Guard selection time and expiry

Paul Syverson syverson at
Tue Jan 19 17:46:35 UTC 2010

On Tue, Jan 19, 2010 at 05:51:59PM +0100, Sebastian Hahn wrote:
> On Jan 19, 2010, at 5:25 PM, Paul Syverson wrote:
>> Hi Roger et al.,
>> On Tue, Jan 19, 2010 at 12:29:34AM -0500, Roger Dingledine wrote:
>>> Option 2: Rather than writing "2010-01-01 00:00:00", pick a random time
>>> in January. Then expire the guard 45 days after this random time. Minimum
>>> time to keep a guard is 0.5 months (on Jan 31 I randomly choose to record
>>> Jan 1, and then I discard it on Feb 15), maximum time is 2.5 months (on
>>> Jan 1 I write down Jan 31, and discard it on Mar 15), expected time is
>>> 1.5 months.
>>> Option 3: When recording the selection time for the guard, pick a random
>>> timestamp from two weeks in the past to two weeks in the future. Then
>>> discard the guard 45 days after the timestamp. Minimum time is 1 month,
>>> maximum time 2 months, expected time 1.5 months.
>>> Option 2 has the disadvantage of a wider time distribution (if that's
>>> a disadvantage). Other than that, it seems to share exactly whatever
>>> privacy properties we get from Option 1.
>>> Option 3 matches the distribution time, but it has a potential privacy
>>> problem: if I pick three guards at once, somebody examining my state
>>> file can bound the true timeframe. That makes me nervous because it
>>> sounds like one of those messy anonymity issues that gets messier the
>>> more you look at it.
>>> So I'm going to go with option 2. Unless anybody else has clever ideas?
>> Ideas, probably not clever. I'm confused by the potential problem you
>> cite for option 3. In option 2, somebody examining your state file
>> will know that these three guards were chosen during January.  If the
>> file is examined on January 2, for example, the attacker will know
>> exactly what day the nodes were picked. And he can also bound the true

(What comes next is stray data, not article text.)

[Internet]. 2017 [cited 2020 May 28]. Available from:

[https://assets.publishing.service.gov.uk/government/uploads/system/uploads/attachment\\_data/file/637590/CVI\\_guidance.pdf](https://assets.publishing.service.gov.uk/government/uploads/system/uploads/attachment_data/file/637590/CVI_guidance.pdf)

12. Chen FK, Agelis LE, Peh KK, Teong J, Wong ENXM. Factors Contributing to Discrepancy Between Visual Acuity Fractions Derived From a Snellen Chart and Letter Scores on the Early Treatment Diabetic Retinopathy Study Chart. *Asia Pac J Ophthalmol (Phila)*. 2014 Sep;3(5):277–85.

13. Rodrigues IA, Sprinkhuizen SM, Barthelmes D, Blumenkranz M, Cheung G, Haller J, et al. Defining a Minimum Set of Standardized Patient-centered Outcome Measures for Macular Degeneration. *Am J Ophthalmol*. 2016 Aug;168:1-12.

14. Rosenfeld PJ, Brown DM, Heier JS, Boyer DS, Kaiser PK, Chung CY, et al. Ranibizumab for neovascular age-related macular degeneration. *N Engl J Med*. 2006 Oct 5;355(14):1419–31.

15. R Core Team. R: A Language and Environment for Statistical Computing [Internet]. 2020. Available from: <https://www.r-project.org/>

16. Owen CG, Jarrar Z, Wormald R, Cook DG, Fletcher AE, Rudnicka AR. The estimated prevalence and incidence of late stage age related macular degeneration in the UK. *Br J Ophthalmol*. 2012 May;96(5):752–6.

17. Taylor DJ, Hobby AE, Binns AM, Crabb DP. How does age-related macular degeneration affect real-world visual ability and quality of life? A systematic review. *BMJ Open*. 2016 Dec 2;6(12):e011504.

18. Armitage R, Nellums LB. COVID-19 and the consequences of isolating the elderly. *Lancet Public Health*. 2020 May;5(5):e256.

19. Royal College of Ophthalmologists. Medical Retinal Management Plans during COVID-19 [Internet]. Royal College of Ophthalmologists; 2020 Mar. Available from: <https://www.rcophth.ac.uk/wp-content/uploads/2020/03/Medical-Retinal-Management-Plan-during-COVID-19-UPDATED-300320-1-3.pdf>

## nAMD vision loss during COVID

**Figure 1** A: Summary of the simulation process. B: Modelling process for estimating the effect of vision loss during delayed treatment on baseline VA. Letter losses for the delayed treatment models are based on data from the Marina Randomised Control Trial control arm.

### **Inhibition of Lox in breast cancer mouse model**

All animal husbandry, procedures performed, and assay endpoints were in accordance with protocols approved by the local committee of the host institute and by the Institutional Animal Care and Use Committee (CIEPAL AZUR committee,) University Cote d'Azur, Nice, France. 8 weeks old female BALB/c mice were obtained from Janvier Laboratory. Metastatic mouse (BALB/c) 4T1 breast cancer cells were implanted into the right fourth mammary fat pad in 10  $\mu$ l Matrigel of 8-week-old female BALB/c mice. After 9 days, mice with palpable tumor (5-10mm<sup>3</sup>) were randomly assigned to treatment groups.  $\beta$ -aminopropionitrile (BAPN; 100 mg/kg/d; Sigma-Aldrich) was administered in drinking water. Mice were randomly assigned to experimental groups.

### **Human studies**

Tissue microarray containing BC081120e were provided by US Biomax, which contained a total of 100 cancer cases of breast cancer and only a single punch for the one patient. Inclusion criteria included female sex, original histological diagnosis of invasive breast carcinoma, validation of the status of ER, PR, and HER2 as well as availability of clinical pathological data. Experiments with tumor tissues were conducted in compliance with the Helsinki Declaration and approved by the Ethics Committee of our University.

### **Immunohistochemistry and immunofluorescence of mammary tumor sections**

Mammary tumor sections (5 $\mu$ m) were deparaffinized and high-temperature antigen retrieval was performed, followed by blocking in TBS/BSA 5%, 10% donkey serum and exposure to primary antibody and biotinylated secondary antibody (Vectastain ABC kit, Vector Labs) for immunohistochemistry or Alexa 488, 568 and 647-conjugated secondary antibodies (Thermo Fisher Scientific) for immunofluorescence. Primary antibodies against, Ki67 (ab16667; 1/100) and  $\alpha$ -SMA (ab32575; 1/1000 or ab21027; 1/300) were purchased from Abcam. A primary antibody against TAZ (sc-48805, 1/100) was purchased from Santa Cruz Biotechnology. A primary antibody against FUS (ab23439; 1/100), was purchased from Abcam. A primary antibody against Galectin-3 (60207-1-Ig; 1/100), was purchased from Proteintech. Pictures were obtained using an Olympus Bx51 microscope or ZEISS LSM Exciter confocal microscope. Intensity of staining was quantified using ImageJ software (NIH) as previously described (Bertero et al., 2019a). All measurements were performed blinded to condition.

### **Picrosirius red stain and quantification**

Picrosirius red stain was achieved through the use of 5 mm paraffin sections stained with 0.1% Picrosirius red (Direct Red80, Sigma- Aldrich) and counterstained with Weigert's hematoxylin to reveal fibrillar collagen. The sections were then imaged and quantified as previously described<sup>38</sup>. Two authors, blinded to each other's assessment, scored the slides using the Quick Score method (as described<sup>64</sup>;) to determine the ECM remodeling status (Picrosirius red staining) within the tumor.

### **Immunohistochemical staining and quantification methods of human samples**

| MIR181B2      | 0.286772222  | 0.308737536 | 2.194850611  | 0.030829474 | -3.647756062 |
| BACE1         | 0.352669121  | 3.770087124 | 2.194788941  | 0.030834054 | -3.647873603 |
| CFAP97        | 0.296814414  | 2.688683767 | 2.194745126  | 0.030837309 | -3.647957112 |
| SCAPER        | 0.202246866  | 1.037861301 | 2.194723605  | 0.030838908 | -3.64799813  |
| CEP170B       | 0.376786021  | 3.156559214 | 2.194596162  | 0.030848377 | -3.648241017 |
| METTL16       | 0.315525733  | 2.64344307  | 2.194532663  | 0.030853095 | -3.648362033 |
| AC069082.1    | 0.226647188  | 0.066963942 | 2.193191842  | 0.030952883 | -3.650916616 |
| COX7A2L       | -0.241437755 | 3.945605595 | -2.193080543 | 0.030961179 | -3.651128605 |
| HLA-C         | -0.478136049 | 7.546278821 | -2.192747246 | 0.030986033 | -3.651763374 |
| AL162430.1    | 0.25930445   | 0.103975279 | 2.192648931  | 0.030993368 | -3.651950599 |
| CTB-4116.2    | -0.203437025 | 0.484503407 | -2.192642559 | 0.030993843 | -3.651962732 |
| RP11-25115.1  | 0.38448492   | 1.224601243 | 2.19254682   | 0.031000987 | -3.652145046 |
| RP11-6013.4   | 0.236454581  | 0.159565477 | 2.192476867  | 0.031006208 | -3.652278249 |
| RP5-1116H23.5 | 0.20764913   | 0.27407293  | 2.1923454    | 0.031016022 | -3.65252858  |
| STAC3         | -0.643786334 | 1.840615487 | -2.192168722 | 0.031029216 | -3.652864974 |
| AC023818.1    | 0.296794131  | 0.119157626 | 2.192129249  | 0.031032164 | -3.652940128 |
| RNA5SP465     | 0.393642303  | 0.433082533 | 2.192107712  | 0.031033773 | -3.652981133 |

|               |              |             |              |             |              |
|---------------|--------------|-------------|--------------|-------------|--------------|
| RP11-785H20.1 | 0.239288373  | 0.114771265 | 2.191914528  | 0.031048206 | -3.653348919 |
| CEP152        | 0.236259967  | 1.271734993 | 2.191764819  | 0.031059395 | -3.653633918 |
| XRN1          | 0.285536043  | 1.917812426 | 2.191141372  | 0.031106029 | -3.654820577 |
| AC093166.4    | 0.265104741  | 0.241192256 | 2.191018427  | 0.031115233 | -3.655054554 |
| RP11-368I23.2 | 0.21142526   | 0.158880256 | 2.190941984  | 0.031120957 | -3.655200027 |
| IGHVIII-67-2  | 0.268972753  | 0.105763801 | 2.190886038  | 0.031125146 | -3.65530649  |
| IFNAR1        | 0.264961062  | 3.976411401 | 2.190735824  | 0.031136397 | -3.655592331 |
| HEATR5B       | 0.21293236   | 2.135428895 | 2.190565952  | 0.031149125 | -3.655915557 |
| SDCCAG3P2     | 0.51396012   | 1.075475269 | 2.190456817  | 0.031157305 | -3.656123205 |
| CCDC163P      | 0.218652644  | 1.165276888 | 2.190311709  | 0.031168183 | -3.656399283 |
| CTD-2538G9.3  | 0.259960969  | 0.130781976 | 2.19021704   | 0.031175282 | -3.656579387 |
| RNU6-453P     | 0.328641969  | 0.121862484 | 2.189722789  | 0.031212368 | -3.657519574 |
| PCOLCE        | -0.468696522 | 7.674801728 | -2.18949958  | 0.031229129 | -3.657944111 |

>> timeframe for any date in January later than the actual date.  By
>> contrast, in option 3, the best he can do is know that the nodes were
>> chosen not more than two weeks in the past. So with option 2 he could
>> potentially know more. He also knows what time of the month these
>> attacks are most effective.
> I think the idea is like this: Today is January 14, and you choose 
> according to method 3. You pick Jan 2, Jan 6 and Jan 27. The attacker now 
> knows that you picked guards in a timeframe between Jan 13-15, because 
> otherwise you couldn't have picked those three dates.

Umm. If the adversary can know that you just picked three guards
today, he doesn't need to do this analysis to learn that you picked
three guards sometime in a three day window. He knows what day today
is.  So that threat is moot. (I actually was thinking similarly at
first till this occurred to me, so don't feel bad. If I'm overlooking
something else, please don't make me feel bad ;>)

>> Why not combine the two options?
>> Pick a random timestamp during the last four weeks and an expiry 45
>> days in the future of the timestamp. (Or if you don't like the resulting
>> expected expiry time or range, make it 60 days or some other time
>> after the timestamp.) Note that if your timestamps just happen to all
>> be recent, he will know that, but with option 2 there are times when
>> this is guaranteed to work rather than just occasional luck. If you
>> want to make even this less likely you could add a check that at least
>> one timestamp must be more than some amount old and then throw out the
>> the third chosen guard's timestamp if none are old enough and pick
>> again. Don't know if that seems to complex, and this is after reading
>> your message and responding immediately. Might be problems if I
>> thought about it more.
> This scheme shares a similar problem: Today is Jan 28, and you pick Jan 4, 
> Jan 12 and Jan 26. The attacker now knows that the timeframe is Jan 26 to 
> Feb 1.

Again, if he knows when you picked them, he knows when you picked them;
he doesn't need to do any analysis to infer less than he already knows.

> I wonder how much this actually matters, though. Both of Roger's schemes 
> pick dates that might be in the future (up to two weeks for scheme 3, up to 
> one month for scheme 2), so if an adversary gets a hold of your state file, 
> the dates are obviously false. 

That's why my proposal avoids any false dates. The only way he gets
lucky is if you randomly just picked three timestamps that were close
to the current date and then he got your state file shortly thereafter.
If you want to prevent even that, just add a check when you are choosing
timestamps: if all are more recent than say 10 days, pick again.
Or do the check on the other two timestamps first and then force the pick
to be in the 10 to 30 day range. I'm not the coder and don't know the
advantages of one vs. the other in code simplicity vs. overhead, etc.

> After two and a half months (or less time), 
> though, our guard selection changes, so it seems that with a good 
> probability, the adversary will learn something valuable from our state 
> file regardless.

I assume they are (ir)regularly rotating. What is it that he is
supposed to learn of value from this (other than your guards themselves
of course)?


More information about the tor-dev mailing list